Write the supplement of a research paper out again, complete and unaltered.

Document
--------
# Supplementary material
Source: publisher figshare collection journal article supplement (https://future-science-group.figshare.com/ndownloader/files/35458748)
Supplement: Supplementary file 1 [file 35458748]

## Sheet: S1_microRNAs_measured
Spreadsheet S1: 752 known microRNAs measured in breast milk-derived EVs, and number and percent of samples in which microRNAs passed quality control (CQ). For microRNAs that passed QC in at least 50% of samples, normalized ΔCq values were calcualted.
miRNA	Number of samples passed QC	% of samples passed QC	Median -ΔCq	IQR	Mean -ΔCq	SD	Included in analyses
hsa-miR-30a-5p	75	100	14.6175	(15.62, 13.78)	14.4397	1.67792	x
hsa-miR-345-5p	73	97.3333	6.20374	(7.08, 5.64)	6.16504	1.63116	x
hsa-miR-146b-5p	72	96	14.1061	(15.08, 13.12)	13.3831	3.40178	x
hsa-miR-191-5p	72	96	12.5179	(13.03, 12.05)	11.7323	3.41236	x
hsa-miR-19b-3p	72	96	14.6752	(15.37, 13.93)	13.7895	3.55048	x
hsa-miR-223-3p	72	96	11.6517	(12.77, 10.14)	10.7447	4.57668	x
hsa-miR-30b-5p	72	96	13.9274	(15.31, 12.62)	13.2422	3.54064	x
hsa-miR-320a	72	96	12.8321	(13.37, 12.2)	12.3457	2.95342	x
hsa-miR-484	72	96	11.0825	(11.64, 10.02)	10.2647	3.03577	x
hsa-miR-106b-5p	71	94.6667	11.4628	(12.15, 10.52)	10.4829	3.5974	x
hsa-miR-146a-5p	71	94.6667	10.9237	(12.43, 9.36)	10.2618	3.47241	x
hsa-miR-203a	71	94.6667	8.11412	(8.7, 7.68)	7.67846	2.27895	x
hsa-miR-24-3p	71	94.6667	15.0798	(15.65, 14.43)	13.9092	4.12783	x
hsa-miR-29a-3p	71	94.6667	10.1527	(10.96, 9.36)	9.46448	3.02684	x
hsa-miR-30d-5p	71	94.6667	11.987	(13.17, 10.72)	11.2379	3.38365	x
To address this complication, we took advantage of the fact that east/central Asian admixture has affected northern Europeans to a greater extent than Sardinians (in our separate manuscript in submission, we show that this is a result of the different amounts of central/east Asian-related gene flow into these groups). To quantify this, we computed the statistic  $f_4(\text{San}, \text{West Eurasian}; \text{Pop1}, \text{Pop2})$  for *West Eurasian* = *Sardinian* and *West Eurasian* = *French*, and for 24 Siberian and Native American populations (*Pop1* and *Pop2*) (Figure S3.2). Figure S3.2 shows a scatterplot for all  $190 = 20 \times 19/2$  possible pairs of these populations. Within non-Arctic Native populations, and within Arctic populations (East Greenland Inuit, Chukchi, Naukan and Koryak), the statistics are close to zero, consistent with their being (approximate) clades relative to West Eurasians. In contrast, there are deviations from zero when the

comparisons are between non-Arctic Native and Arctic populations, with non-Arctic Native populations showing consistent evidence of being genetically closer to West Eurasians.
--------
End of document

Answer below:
# Supplementary material
Source: publisher figshare collection journal article supplement (https://future-science-group.figshare.com/ndownloader/files/35458748)
Supplement: Supplementary file 1 [file 35458748]

## Sheet: S1_microRNAs_measured
Spreadsheet S1: 752 known microRNAs measured in breast milk-derived EVs, and number and percent of samples in which microRNAs passed quality control (CQ). For microRNAs that passed QC in at least 50% of samples, normalized ΔCq values were calcualted.
miRNA	Number of samples passed QC	% of samples passed QC	Median -ΔCq	IQR	Mean -ΔCq	SD	Included in analyses
hsa-miR-30a-5p	75	100	14.6175	(15.62, 13.78)	14.4397	1.67792	x
hsa-miR-345-5p	73	97.3333	6.20374	(7.08, 5.64)	6.16504	1.63116	x
hsa-miR-146b-5p	72	96	14.1061	(15.08, 13.12)	13.3831	3.40178	x
hsa-miR-191-5p	72	96	12.5179	(13.03, 12.05)	11.7323	3.41236	x
hsa-miR-19b-3p	72	96	14.6752	(15.37, 13.93)	13.7895	3.55048	x
hsa-miR-223-3p	72	96	11.6517	(12.77, 10.14)	10.7447	4.57668	x
hsa-miR-30b-5p	72	96	13.9274	(15.31, 12.62)	13.2422	3.54064	x
hsa-miR-320a	72	96	12.8321	(13.37, 12.2)	12.3457	2.95342	x
hsa-miR-484	72	96	11.0825	(11.64, 10.02)	10.2647	3.03577	x
hsa-miR-106b-5p	71	94.6667	11.4628	(12.15, 10.52)	10.4829	3.5974	x
hsa-miR-146a-5p	71	94.6667	10.9237	(12.43, 9.36)	10.2618	3.47241	x
hsa-miR-203a	71	94.6667	8.11412	(8.7, 7.68)	7.67846	2.27895	x
hsa-miR-24-3p	71	94.6667	15.0798	(15.65, 14.43)	13.9092	4.12783	x
hsa-miR-29a-3p	71	94.6667	10.1527	(10.96, 9.36)	9.46448	3.02684	x
hsa-miR-30d-5p	71	94.6667	11.987	(13.17, 10.72)	11.2379	3.38365	x
To address this complication, we took advantage of the fact that east/central Asian admixture has affected northern Europeans to a greater extent than Sardinians (in our separate manuscript in submission, we show that this is a result of the different amounts of central/east Asian-related gene flow into these groups). To quantify this, we computed the statistic  $f_4(\text{San}, \text{West Eurasian}; \text{Pop1}, \text{Pop2})$  for *West Eurasian* = *Sardinian* and *West Eurasian* = *French*, and for 24 Siberian and Native American populations (*Pop1* and *Pop2*) (Figure S3.2). Figure S3.2 shows a scatterplot for all  $190 = 20 \times 19/2$  possible pairs of these populations. Within non-Arctic Native populations, and within Arctic populations (East Greenland Inuit, Chukchi, Naukan and Koryak), the statistics are close to zero, consistent with their being (approximate) clades relative to West Eurasians. In contrast, there are deviations from zero when the

comparisons are between non-Arctic Native and Arctic populations, with non-Arctic Native populations showing consistent evidence of being genetically closer to West Eurasians.